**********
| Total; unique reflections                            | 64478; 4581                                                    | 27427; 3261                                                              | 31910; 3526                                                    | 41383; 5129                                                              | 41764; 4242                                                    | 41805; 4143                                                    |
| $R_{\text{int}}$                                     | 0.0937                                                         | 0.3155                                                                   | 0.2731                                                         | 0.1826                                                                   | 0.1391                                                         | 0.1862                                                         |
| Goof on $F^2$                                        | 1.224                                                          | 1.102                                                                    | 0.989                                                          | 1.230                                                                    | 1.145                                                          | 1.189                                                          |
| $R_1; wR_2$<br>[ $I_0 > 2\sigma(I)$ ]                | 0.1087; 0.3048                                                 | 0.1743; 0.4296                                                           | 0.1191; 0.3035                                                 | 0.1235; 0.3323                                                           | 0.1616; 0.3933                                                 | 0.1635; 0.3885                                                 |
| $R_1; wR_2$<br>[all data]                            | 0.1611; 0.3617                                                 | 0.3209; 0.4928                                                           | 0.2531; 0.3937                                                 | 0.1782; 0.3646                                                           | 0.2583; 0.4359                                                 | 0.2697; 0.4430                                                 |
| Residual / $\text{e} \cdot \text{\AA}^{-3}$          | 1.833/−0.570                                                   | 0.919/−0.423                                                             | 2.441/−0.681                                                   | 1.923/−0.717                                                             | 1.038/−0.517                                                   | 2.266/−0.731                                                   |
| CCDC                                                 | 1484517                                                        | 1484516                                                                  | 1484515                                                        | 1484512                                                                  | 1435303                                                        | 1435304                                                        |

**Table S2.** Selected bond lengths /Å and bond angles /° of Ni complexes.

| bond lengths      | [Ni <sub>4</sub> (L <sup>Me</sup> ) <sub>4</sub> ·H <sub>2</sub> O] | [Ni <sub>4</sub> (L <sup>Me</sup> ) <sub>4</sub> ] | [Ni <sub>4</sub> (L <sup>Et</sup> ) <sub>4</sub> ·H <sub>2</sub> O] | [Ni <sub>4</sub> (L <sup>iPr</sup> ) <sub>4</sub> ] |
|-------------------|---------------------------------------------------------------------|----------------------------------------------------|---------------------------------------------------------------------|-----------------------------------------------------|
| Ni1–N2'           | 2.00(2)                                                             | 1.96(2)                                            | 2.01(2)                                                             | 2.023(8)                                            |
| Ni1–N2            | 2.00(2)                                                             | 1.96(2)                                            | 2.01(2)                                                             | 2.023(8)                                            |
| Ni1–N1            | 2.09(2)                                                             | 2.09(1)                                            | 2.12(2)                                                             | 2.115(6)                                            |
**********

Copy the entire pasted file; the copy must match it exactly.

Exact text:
| Total; unique reflections                            | 64478; 4581                                                    | 27427; 3261                                                              | 31910; 3526                                                    | 41383; 5129                                                              | 41764; 4242                                                    | 41805; 4143                                                    |
| $R_{\text{int}}$                                     | 0.0937                                                         | 0.3155                                                                   | 0.2731                                                         | 0.1826                                                                   | 0.1391                                                         | 0.1862                                                         |
| Goof on $F^2$                                        | 1.224                                                          | 1.102                                                                    | 0.989                                                          | 1.230                                                                    | 1.145                                                          | 1.189                                                          |
| $R_1; wR_2$<br>[ $I_0 > 2\sigma(I)$ ]                | 0.1087; 0.3048                                                 | 0.1743; 0.4296                                                           | 0.1191; 0.3035                                                 | 0.1235; 0.3323                                                           | 0.1616; 0.3933                                                 | 0.1635; 0.3885                                                 |
| $R_1; wR_2$<br>[all data]                            | 0.1611; 0.3617                                                 | 0.3209; 0.4928                                                           | 0.2531; 0.3937                                                 | 0.1782; 0.3646                                                           | 0.2583; 0.4359                                                 | 0.2697; 0.4430                                                 |
| Residual / $\text{e} \cdot \text{\AA}^{-3}$          | 1.833/−0.570                                                   | 0.919/−0.423                                                             | 2.441/−0.681                                                   | 1.923/−0.717                                                             | 1.038/−0.517                                                   | 2.266/−0.731                                                   |
| CCDC                                                 | 1484517                                                        | 1484516                                                                  | 1484515                                                        | 1484512                                                                  | 1435303                                                        | 1435304                                                        |

**Table S2.** Selected bond lengths /Å and bond angles /° of Ni complexes.

| bond lengths      | [Ni <sub>4</sub> (L <sup>Me</sup> ) <sub>4</sub> ·H <sub>2</sub> O] | [Ni <sub>4</sub> (L <sup>Me</sup> ) <sub>4</sub> ] | [Ni <sub>4</sub> (L <sup>Et</sup> ) <sub>4</sub> ·H <sub>2</sub> O] | [Ni <sub>4</sub> (L <sup>iPr</sup> ) <sub>4</sub> ] |
|-------------------|---------------------------------------------------------------------|----------------------------------------------------|---------------------------------------------------------------------|-----------------------------------------------------|
| Ni1–N2'           | 2.00(2)                                                             | 1.96(2)                                            | 2.01(2)                                                             | 2.023(8)                                            |
| Ni1–N2            | 2.00(2)                                                             | 1.96(2)                                            | 2.01(2)                                                             | 2.023(8)                                            |
| Ni1–N1            | 2.09(2)                                                             | 2.09(1)                                            | 2.12(2)                                                             | 2.115(6)                                            |